Dear Clients and Friends of Fieldstone (Africa)
At the outset, you might note the slight alteration in my salutation from previous newsletters. From now on, this publication will also cover Fieldstone’s activities in markets beyond Africa. We have built up our presence in Latin America this year as our clients have asked us to accompany them there with our knowledge of renewable projects, emerging markets and auction systems. We have also been engaged in projects in some of the most developed energy markets in the world (more on that in the next newsletter).
The step is not new in itself: Fieldstone Africa professionals have previously transacted in markets all over the world and Fieldstone itself has been a global presence in energy and infrastructure for 27 years with more than US$50-billion in transactions on five continents.
But this is only the first step. We intend to cover the increasingly interconnected energy and infrastructure sector in all key money centres and selected dynamic markets as one integrated organisation.
As an example of this extension, we have recently founded Fieldstone Development Capital Incorporated (Fieldstone DC), a United States subsidiary based in Washington, DC, which will interface with the Overseas Private Investment Corporation, the United States Trade and Development Agency and other key institutions in the city.
In this regard, our newly appointed Senior Advisor Ambassador Christopher Dell and long-time Senior Representative Barney Rush will be important resources. The corporate structure and staffing will qualify Fieldstone DC for US development funding, helping our clients to access grant monies to foster projects in the development stage.
In Latin America, Fieldstone has entered into engagements related to renewable and thermal-generation energy projects. Bruno Bueno, Fieldstone’s Latin American Senior Representative in Lima and Buenos Aires, is supported by a team drawn from across Fieldstone and coordinated by Managing Director Zahed Sibda.
The opportunity in Latin America is to apply our experience in developing thermal generation (generation facilities in Ghana and Nigeria over the past two years and a final-stage project in South Africa at present) and in utility-scale renewable programmes (most notably through the groundbreaking Renewable Energy Independent Power Producer Procurement Programme in South Africa).
In the African energy sector, much of the action seems to be in small-scale projects. Fieldstone has traditionally advised on these efforts when we can see a way to expedite them and engage economically. FIRST, the platform to provide financing to small-scale renewable on and off-grid solutions in South Africa, reached financial close at the end of September. FIRST was backed by KfW, the German development finance institution and Rand Merchant Bank, with 1.3 Billion Rand of total financing. Fieldstone acted as advisors on the original establishment and procurement of this transaction. The programme is a step towards pushing forward smaller-scale renewable energy projects in South Africa.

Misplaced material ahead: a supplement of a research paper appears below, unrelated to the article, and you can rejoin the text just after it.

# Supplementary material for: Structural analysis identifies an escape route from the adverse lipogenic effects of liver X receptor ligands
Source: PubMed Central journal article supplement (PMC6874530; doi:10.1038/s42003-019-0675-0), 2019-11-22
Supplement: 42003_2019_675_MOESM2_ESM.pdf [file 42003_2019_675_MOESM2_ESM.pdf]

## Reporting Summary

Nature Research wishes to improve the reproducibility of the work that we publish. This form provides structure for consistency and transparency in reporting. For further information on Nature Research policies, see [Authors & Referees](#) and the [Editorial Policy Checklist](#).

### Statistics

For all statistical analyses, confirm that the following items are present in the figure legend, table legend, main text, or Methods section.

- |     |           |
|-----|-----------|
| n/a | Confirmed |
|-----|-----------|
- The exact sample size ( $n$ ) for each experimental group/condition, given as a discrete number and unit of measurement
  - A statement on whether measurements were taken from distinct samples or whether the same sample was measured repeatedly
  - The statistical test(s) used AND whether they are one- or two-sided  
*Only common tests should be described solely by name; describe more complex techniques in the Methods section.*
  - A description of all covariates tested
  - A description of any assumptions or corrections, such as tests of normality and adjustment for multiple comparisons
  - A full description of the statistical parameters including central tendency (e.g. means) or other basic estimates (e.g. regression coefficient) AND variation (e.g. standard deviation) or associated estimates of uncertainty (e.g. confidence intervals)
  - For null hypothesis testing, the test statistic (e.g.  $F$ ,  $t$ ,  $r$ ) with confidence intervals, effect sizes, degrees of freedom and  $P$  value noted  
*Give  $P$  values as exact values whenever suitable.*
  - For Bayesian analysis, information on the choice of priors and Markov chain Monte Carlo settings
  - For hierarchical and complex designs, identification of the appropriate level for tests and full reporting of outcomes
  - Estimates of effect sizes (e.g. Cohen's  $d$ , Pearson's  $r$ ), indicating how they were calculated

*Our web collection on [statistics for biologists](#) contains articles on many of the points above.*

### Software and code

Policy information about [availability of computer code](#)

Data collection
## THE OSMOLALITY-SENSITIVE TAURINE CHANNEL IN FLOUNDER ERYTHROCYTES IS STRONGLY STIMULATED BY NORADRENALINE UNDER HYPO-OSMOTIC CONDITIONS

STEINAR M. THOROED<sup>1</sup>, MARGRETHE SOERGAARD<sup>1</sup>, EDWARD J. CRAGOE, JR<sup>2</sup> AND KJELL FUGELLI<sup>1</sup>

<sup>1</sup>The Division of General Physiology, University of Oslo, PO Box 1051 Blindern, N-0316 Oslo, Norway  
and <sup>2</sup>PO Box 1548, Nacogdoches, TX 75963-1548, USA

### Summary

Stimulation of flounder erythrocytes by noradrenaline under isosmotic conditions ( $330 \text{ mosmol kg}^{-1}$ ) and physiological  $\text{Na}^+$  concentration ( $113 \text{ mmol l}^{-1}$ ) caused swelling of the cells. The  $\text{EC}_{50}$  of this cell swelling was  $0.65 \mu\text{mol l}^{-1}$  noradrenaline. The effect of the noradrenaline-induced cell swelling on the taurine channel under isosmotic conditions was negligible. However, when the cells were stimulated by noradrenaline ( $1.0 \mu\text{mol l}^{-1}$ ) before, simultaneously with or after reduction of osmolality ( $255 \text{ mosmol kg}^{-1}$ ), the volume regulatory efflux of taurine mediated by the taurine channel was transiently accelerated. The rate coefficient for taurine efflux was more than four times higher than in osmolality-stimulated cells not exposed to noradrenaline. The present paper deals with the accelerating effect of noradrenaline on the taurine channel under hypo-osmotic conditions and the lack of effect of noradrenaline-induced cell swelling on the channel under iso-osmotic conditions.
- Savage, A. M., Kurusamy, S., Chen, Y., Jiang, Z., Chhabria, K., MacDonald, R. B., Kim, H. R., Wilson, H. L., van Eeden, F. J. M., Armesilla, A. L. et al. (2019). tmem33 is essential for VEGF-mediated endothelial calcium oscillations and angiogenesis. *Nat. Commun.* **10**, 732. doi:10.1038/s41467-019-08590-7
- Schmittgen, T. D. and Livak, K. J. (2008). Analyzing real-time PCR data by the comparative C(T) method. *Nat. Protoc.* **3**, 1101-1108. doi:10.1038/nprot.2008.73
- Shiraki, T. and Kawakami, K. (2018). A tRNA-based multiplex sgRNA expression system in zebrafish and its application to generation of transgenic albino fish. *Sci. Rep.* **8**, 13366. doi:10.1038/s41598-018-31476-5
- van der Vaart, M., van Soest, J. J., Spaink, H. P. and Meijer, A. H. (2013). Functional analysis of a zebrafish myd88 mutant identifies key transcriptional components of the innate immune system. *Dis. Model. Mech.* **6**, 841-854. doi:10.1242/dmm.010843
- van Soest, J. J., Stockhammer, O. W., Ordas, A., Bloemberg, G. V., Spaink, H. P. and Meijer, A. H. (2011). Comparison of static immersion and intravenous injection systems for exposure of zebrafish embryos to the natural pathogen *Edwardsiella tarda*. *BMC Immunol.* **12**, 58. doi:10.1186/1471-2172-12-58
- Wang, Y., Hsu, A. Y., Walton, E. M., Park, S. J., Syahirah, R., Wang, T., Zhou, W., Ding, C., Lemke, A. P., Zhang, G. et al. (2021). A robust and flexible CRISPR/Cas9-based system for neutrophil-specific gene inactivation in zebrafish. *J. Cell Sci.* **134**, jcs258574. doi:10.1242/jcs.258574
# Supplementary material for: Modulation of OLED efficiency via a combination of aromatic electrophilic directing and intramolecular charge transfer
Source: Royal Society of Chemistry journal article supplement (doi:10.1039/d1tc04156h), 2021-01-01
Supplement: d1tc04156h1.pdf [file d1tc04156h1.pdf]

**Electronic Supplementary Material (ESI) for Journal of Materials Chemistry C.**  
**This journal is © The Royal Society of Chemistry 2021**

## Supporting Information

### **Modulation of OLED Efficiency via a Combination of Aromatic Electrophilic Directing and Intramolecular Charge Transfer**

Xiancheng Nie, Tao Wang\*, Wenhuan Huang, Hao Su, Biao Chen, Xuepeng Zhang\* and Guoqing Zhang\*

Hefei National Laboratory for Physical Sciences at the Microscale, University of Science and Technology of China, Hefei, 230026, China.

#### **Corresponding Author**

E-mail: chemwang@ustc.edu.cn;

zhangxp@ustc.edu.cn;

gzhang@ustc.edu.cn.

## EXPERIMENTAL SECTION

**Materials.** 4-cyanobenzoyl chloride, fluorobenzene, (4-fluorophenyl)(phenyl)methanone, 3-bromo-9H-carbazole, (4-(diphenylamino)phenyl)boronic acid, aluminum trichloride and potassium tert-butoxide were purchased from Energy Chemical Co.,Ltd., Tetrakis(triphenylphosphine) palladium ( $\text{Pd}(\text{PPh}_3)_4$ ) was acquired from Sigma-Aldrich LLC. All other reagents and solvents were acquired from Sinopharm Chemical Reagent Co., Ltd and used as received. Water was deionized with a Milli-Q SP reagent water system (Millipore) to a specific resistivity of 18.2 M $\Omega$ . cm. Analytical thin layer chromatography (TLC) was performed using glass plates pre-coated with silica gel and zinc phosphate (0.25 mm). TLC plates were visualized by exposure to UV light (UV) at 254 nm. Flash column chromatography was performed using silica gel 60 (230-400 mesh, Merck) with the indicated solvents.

FAIR (Fieldstone Africa Investment Resources) also handles smaller projects brought to us by clients that require an additional push- i.e. efforts beyond Fieldstone’s financial advisory toolkit. The lack of progress on utility-scale developments is one of the reasons that we have held off on our FARI (Fieldstone Africa Renewable Index) publication for the time being, until we can see what is real and what is simply announced.
Off-grid initiatives remain both promising (the opportunity to connect more than 600-million people in sub-Saharan Africa who do not have access to electricity) and elusive (how does one make a sustainable enterprise and hold down costs?). Fieldstone has advised on more than half a dozen of these initiatives. We believe that through incremental progress and recognition of fundamental requirements, the day will come when the mix of private initiative with assertive public-sector support will ultimately get it right.
All of the above suggests that the vital search for creative ways forward in Africa is ongoing. The traditional financing of large projects – while playing an important element in Africa’s progress – will not nearly provide all the answers and does not even address all the questions.
Governments and donors making hard commitments will have to tackle the infrastructure needs to back aggressive private-public partnership models, allowing for return on capital over time. The amount of private capital interested in and committed to investing in the continent’s infrastructure is astounding and must be tapped, but there is still a bottleneck when it comes to opportunity to invest in bankable programmes.
On the energy side, technological developments are altering the way we think about generation and the way generation is transmitted. On a continent where the cost of grid extension is a major limiting factor, the distributed model of smaller generation may address needs on a region-by-region or even more localised basis.
In this time of greater transition, every developer and institution working in the sector requires independent expert advice more than ever. Fieldstone accepts the challenge to think broadly and creatively about structure and strategies to make projects financeable and make things happen.
Chief Executive Officer
Fieldstone and Fieldstone Africa